Chestnuts all over the northern hemisphere fall only in September and October. They are perishable, and must be refrigerated to delay spoilage, principally from molding. If allowed to dry, the chestnut kernel, being a living seed, will soon die and lose its natural enzyme protections against mold. (On the other hand, with a little drying their starch converts to natural sugars, which enhance the chestnut flavor.) Fresh chestnuts are ideally stored at temperatures of 32F at high humidity in mesh or other breathable bags. If stored in unvented plastic bags, the nuts will transpire and the trapped moisture will hasten molding. Stored in good conditions in your refrigerator, chestnuts should keep for a month or two.
Chestnuts can be frozen once they are peeled. Thawed chestnut kernels are great for recipes requiring purees and confections, and OK for soups, stews etc. We’ve used frozen chestnut kernels over a year old and if anything, they are simply sweeter!
But, our motto is: Eat ‘em, don’t store them!
Many, actually most, recipe books, internet advice and old fashioned habits tell you to cut an X in the back of the chestnut before roasting. We've found that a slice across the top “belly” makes peeling much easier. The nuts practically fall out without having to actually peel off the skin. But remember to peel while hot!!
Chinese chestnuts, such as we grow, are not only sweeter; they are comparatively easier to peel than most European varieties. There is the fast way---score across the middle, boil them in water for a few minutes, remove a few at a time, and peel with your fingers while hot. Sometimes the kernel will just pop out if you give it a little squeeze. For a better, more intense flavor, see the roasting instructions.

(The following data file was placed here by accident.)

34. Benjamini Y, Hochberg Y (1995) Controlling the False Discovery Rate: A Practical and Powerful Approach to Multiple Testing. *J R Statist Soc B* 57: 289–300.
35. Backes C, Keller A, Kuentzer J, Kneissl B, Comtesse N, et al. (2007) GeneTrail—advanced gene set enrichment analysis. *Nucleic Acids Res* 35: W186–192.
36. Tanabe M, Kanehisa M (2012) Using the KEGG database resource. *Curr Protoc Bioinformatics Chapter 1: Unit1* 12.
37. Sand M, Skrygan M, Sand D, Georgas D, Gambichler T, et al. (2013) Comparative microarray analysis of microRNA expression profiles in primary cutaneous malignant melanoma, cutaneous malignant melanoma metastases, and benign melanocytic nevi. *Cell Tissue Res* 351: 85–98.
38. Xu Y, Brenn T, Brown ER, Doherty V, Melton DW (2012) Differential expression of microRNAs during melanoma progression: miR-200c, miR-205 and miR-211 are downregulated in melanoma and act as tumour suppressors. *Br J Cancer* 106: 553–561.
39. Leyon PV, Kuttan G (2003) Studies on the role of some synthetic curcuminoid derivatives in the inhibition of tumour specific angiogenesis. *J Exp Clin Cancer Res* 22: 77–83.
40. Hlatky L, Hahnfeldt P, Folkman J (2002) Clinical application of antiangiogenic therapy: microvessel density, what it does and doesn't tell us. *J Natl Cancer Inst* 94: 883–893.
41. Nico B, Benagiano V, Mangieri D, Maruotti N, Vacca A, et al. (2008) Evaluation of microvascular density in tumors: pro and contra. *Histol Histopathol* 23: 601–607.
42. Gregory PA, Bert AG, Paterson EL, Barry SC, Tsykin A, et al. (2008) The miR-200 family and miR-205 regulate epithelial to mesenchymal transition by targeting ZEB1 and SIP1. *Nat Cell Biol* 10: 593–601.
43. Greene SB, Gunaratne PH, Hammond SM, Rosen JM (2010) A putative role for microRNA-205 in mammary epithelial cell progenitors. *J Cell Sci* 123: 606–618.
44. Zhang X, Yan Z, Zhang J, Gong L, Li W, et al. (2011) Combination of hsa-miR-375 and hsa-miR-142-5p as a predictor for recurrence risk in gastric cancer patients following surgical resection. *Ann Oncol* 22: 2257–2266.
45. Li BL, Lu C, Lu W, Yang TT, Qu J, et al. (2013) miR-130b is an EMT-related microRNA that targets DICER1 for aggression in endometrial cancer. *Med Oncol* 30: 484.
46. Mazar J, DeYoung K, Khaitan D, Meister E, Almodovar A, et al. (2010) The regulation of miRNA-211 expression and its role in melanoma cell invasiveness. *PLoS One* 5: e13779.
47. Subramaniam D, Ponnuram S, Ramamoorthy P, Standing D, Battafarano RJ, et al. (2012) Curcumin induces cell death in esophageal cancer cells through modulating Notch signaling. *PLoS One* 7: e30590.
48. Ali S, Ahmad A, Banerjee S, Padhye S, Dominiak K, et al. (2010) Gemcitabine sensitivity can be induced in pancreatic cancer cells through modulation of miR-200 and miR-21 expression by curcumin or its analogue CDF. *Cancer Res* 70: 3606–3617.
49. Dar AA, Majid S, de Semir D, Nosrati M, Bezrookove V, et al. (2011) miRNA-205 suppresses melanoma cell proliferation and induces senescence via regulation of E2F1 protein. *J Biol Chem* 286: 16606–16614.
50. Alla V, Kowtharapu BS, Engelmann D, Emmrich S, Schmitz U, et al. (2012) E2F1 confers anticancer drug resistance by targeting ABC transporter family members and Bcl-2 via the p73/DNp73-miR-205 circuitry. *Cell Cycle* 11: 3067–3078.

To roast fresh chestnuts, cut through the skin (see our instructions on the perfect chestnut knife), place in a covered pan and bake in a HOT oven at 375 until the nuts are tender. The inner paper skin will pop off better if both the pan (I like using a cast iron skillet) and the oven are preheated. Time in the oven is 15 minutes, more or less, depending on moisture content (freshness), the size of the chestnut and how soft you like them. I like them a bit “al dente”. Avoid roasting too long—they can dry out and become hard.
You can also roast chestnuts on the stove top on medium heat in a heavy pan, on a barbecue grill, microwave them (30 seconds or so for one or two nuts), or use an old-fashioned popcorn popper in the fireplace. TIP: roasted chestnuts peel easier when still hot, fresh out of the oven. And remember they can blow up, like popcorn, so to avoid too much fun and excitement, don't forget to pierce the skin.
After scoring thousands of chestnuts, we discovered a way to make a perfectly good chestnut knife from a cheap, ordinary steak knife. Williams Sonoma makes a hooked chestnut knife, but it tends to cut deeply into the nut meat. Charlie took a serrated steak knife and broke it off to retain about ½ inch of serration which is just enough to cut through the skin. He ground and filed the rough top edge for safety. We thought "why keep this great idea to ourselves?" So take the idea and try it yourself. It will make your chestnut scoring life much brighter.
"We're looking forward to receiving the chestnuts. My son and his family are here visiting from the UK, and his wife who is from Portugal LOVES chestnuts. I ordered your chestnuts once before for them, and she think that yours are the best."